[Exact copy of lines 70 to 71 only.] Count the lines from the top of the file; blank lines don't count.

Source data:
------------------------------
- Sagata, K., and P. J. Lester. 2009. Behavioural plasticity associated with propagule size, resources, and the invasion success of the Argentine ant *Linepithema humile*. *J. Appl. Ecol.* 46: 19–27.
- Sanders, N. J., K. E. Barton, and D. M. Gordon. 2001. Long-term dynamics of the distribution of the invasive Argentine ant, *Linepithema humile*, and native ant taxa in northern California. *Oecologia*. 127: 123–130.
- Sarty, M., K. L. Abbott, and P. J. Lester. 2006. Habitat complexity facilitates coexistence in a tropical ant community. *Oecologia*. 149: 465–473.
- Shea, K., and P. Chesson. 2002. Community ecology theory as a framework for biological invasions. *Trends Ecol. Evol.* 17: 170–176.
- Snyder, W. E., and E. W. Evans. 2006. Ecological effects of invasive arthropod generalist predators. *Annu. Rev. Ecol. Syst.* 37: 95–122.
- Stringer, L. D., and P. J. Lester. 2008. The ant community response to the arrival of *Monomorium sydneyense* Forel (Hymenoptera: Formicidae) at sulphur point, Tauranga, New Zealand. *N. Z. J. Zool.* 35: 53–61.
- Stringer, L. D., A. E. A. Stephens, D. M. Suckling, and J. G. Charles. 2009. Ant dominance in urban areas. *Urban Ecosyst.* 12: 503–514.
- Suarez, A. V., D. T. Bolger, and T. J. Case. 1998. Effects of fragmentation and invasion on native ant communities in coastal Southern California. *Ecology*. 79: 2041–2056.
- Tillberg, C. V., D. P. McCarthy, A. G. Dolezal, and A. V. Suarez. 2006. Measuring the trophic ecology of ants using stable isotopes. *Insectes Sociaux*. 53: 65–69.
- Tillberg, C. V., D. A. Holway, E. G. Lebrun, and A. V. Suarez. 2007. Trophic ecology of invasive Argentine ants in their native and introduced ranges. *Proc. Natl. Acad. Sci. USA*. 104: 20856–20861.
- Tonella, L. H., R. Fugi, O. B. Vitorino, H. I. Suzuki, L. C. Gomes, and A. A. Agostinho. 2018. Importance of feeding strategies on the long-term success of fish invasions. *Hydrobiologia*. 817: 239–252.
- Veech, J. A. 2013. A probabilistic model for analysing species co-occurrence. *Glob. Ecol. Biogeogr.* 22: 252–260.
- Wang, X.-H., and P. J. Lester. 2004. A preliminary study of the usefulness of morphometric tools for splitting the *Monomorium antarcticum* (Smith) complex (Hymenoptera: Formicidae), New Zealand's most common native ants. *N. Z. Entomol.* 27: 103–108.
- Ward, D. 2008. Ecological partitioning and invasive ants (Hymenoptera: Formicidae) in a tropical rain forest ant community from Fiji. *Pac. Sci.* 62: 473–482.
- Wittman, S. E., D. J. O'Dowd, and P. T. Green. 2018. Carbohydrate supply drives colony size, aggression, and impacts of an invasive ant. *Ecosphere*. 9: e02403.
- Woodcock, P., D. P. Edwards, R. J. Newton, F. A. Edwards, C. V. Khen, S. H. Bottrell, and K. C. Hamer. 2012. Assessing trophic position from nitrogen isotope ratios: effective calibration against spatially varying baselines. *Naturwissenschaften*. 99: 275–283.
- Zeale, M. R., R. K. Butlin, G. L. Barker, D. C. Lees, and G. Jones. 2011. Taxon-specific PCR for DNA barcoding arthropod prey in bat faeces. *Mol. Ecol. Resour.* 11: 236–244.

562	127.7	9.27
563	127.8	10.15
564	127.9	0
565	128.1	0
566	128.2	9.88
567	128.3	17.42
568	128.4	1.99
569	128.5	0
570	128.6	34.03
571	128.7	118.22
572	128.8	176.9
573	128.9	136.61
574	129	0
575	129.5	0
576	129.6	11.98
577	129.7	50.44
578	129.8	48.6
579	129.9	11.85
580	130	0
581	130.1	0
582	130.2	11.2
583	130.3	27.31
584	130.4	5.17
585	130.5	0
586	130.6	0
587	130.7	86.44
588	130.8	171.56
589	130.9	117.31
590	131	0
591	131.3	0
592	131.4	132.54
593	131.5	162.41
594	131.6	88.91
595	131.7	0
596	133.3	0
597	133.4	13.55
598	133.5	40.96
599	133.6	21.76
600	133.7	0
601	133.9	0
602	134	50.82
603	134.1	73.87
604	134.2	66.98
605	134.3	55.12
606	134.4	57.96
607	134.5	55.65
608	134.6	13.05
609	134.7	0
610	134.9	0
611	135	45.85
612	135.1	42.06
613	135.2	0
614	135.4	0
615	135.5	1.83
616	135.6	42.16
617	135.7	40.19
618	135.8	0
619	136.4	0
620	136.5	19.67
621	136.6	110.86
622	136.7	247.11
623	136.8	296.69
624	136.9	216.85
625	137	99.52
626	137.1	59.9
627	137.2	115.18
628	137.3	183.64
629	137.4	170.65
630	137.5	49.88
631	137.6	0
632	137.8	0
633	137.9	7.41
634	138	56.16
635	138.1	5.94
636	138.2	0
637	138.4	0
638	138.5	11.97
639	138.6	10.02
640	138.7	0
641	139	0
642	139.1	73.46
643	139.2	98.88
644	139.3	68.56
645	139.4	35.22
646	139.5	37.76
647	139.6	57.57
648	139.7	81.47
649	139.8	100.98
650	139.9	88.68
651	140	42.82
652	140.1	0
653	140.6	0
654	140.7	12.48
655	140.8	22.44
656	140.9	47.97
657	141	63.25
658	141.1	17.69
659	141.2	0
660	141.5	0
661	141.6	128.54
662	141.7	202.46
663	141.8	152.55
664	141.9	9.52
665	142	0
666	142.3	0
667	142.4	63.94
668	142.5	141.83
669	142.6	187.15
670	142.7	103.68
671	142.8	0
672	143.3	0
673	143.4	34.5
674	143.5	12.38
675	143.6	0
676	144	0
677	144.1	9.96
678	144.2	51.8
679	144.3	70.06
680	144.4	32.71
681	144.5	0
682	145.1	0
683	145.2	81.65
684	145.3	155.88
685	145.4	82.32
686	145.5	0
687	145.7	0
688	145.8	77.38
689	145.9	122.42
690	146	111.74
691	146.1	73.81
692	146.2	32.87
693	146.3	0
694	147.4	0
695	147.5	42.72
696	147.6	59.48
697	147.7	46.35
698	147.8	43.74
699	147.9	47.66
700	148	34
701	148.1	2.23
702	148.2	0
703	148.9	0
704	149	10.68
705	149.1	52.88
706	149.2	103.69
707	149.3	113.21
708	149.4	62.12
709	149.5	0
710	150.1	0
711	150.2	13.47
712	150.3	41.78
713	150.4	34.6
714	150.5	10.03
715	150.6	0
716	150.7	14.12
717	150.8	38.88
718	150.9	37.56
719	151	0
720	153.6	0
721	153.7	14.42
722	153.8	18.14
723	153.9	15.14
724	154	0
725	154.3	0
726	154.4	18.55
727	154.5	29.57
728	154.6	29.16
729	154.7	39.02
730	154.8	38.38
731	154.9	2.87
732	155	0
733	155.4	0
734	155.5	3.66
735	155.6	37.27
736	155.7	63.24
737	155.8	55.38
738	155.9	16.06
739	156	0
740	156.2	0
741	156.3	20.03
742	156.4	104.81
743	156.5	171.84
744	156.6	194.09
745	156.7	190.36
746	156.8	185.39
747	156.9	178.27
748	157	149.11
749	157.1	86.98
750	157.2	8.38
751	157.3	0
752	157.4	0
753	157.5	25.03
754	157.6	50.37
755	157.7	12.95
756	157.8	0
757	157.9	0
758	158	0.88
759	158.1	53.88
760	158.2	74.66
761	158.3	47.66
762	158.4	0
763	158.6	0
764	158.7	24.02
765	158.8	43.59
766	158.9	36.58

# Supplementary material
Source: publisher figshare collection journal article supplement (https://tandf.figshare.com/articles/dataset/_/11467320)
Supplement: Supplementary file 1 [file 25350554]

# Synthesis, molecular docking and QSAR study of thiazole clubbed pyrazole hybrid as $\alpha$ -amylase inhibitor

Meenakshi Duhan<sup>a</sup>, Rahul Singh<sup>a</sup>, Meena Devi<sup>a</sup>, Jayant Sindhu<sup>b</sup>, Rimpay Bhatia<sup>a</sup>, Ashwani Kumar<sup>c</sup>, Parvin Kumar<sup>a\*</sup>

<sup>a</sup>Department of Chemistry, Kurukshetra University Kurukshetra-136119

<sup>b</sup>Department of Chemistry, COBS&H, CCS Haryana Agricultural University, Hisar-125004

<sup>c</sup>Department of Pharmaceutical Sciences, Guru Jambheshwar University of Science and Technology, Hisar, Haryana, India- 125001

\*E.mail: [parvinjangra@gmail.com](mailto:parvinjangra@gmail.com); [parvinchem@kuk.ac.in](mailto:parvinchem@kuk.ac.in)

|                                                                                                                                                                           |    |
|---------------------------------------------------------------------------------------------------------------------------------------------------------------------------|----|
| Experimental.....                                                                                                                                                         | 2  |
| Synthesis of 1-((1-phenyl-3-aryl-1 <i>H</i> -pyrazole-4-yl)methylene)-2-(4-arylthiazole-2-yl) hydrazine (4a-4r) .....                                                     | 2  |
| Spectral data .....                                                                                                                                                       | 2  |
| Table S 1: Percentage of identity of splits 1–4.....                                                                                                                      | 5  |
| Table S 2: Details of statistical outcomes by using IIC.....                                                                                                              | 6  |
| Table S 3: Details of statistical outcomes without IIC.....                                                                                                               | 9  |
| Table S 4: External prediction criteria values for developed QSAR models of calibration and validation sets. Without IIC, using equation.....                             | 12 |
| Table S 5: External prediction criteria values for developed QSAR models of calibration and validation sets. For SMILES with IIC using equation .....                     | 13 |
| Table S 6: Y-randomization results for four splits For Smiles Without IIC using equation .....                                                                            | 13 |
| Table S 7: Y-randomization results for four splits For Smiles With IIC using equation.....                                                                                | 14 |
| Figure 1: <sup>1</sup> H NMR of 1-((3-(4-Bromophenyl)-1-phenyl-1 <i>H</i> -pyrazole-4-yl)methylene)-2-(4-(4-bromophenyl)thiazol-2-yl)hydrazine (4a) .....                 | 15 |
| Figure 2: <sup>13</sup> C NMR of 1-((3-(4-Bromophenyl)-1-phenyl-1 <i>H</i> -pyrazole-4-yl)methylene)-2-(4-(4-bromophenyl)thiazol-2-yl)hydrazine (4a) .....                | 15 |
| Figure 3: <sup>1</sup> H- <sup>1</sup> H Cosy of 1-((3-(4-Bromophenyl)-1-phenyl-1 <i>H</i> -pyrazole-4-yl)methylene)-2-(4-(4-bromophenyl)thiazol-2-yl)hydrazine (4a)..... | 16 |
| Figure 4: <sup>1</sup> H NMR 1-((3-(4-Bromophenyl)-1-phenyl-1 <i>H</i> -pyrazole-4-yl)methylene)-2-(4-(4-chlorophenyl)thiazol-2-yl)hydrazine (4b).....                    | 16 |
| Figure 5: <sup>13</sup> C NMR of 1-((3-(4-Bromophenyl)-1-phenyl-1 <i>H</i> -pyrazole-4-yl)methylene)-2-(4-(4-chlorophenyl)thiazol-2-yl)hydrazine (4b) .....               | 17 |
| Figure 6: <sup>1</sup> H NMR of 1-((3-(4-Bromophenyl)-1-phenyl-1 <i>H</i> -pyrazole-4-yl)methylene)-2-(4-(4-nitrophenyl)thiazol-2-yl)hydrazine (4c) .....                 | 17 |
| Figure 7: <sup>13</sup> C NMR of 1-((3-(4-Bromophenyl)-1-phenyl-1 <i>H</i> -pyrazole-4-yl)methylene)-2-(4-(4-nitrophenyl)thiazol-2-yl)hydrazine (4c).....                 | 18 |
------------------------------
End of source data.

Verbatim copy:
614	135.4	0
615	135.5	1.83